Gortys, Phaestos . . . and Stepford

We’re visiting more archaeological sites today: Gortys and Phaestos. No, Stepford was not an archaeological site, but we visited it, too. You’ll see.


Gortys had its heyday in the 6th century BC, when the Dorians, one of four groups within Greek society, ruled the area. It was probably first settled by Minoans or Mycenaeans, but it didn’t garner a spotlight until later. In the 2nd century BC, Gortys defeated its rival, Phaestos, to become the leading Cretan city.

We got here fairly early and were the only ones in the place. The women in the ticket booth didn’t seem to speak English, and the giant laminated info map was all in Greek, useless to us. We sorted things out as best we could with our guide books.

Basilica of Agios Titos

The first ruins on the circuit were of the Basilica of St. Titus. Titus came with St. Paul the Apostle to Crete in AD 59 and stuck around to become the first bishop of Crete.

Agios, Titos, Crete, Greece - Jen Funk Weber

Agios, Titos, Crete

Agia Titos, Gortys, Crete, Greece - Jen Funk Weber

Nice artsy picture, Mike! I love this!

Roman Amphitheater

For being a leading city on Crete, this odeion is pretty small, emphasis on “pretty,” though.

Roman Odeion at Gortys, Crete, Greece - Jen Funk Weber

Roman Odeion at Gortys, Crete

We all loved the intimacy of the place combined with the beautiful, fresh, green, open surroundings. It was easy to imagine plays and speakers here. The guide book mentions gladiatorial events as well, but those didn’t suit my imagination, so I chucked them right out.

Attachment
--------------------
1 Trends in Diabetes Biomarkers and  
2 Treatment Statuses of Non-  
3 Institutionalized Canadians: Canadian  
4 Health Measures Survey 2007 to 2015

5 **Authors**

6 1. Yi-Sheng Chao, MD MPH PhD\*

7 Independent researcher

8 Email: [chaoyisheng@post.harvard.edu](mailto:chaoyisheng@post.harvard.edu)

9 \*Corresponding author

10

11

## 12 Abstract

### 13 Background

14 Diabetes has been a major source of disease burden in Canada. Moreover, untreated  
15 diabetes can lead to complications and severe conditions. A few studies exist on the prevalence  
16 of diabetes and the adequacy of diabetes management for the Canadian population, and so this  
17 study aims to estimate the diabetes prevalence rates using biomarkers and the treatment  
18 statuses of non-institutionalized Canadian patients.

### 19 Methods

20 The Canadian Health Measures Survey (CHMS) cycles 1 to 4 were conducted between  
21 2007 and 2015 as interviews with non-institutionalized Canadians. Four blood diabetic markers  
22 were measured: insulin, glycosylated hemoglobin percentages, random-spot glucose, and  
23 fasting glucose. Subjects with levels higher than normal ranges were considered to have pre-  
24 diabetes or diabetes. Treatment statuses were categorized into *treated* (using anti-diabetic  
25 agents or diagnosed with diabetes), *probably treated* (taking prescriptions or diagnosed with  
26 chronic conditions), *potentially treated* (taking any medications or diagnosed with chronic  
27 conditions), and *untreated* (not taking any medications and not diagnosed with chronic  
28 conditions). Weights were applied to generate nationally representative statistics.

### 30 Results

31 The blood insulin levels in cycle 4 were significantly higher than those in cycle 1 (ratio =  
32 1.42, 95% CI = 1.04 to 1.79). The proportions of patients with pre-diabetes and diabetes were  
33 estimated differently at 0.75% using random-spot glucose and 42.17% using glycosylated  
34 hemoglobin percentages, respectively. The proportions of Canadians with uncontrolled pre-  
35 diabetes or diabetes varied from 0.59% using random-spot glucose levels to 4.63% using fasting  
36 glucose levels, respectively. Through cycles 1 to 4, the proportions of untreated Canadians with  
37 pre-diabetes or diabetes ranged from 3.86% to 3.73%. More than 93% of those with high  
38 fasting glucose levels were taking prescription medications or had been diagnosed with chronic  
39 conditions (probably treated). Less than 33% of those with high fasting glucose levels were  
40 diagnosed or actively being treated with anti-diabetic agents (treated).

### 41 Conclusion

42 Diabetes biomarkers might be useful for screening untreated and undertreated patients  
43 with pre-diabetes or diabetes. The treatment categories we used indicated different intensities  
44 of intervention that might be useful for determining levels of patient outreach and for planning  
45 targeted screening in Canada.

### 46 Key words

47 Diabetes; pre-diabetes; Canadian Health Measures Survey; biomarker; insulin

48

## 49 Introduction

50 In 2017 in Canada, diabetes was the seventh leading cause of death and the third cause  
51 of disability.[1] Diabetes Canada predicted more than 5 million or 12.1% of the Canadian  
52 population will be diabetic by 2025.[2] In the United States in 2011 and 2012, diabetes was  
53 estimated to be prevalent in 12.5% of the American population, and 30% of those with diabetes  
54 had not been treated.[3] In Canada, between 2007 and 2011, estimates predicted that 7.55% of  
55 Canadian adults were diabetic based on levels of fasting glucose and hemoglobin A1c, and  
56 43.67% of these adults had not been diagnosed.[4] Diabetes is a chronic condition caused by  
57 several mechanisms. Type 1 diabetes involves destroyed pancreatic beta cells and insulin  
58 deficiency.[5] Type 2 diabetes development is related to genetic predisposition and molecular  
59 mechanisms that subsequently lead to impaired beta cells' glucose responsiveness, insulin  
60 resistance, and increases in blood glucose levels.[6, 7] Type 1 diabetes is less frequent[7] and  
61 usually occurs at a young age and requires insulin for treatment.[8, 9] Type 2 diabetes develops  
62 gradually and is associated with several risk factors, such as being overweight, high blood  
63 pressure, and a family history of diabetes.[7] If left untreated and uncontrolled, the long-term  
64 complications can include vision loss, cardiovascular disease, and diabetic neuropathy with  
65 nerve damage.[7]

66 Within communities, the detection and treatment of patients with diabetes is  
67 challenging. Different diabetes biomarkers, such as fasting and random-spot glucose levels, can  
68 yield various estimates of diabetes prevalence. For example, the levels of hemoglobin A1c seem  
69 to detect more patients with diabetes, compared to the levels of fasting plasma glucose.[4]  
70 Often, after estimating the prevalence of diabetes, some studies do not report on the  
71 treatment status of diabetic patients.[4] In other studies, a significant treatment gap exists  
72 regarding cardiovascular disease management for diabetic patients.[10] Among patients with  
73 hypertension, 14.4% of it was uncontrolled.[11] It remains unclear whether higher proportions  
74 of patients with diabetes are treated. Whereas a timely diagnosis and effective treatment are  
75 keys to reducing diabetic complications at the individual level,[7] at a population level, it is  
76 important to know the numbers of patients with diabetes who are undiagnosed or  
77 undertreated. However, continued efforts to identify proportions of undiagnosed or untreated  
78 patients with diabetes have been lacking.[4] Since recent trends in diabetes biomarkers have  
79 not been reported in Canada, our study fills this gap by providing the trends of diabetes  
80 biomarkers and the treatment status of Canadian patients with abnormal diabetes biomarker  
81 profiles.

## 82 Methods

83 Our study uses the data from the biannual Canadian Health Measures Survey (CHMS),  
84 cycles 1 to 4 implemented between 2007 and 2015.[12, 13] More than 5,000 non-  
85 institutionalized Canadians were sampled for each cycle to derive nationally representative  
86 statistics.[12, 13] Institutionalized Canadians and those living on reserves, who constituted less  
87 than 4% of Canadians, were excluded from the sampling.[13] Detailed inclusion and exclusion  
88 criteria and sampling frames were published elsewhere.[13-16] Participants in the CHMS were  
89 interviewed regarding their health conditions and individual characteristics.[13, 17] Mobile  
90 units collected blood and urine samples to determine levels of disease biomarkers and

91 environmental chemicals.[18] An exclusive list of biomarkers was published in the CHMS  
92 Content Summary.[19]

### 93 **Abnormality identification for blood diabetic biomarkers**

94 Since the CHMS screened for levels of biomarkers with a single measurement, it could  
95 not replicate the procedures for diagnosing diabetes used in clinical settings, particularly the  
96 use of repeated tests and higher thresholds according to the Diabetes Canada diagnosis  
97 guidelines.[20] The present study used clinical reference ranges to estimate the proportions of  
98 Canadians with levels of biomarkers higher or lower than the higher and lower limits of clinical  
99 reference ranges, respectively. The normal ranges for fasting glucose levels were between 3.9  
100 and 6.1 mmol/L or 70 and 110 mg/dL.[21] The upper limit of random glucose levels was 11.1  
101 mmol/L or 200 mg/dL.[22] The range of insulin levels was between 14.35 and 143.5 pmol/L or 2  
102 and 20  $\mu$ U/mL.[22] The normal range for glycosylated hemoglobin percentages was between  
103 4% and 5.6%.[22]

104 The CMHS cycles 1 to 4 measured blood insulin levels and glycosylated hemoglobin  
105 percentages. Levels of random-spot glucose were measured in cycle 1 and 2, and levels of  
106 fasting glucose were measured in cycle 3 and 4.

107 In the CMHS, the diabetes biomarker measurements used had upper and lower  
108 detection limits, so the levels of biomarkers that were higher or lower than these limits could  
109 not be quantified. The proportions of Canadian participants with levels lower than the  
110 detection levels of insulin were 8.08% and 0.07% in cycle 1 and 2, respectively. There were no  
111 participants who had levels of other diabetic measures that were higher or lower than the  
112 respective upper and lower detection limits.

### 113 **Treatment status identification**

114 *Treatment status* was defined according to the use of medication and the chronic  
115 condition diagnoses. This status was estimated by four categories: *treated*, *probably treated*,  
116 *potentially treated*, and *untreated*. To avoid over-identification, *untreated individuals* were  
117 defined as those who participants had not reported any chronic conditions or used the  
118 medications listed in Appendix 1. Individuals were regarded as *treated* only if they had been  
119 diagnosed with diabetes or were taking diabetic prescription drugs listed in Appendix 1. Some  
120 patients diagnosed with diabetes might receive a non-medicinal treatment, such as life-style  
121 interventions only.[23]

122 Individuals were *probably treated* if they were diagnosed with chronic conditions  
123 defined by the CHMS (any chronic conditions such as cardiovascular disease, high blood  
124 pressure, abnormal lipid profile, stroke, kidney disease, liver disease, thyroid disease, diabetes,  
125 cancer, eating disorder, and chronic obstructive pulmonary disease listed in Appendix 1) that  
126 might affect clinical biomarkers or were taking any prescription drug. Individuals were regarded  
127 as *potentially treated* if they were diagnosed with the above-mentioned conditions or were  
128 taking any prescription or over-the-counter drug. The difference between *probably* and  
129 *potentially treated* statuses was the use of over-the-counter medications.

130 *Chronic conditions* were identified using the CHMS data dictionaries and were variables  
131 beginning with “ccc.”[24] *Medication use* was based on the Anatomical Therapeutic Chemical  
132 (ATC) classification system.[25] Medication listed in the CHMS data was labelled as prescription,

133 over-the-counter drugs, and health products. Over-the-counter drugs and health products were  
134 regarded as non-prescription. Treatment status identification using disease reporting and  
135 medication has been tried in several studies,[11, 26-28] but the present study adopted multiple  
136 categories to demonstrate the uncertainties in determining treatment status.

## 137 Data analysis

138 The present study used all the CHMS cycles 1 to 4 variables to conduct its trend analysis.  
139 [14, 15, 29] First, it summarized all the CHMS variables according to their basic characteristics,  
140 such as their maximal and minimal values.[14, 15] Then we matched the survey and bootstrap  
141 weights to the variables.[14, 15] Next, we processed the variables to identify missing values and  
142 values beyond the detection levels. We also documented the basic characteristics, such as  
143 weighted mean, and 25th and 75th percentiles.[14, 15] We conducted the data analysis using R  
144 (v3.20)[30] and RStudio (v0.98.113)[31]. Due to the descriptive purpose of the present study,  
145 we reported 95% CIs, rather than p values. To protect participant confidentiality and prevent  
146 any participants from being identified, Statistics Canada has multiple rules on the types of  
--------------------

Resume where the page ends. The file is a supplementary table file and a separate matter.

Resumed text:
The best part for me, though, is hidden at the back of the amphitheater. Come take a look.

Roman Amphitheater, Gortys, Crete, Greece - Jen Funk Weber

Roman amphitheater, closer

See that big brick building on the left behind the seats? Let’s walk through it.

A Greek Surprise at the Roman Amphitheater

Gortys laws, Crete, Greece - Jen Funk Weber

Gortys Code of Laws

Gortys Code of Laws, Crete, Greece - Jen Funk Weber

See the writing on the wall?

You know how craftsmen re-used materials when constructing new buildings? Well, the builders here used stone slabs inscribed with laws, dating from around 500 BC, making this the oldest and most complete record of ancient Greek laws. How flipping cool is that?!

Now look closer. Note that there is no punctuation, and there are no spaces between words or sentences. Oy. What a struggle to read, no?

Look closer still, especially if you’re at all familiar with Greek letters. Notice how one line of letters reads left to right, as we read today; all the Greek letters appear normal. On the next line down, however, the letters are backward. That’s because they’re read right to left. This text is read back and forth across the page slab.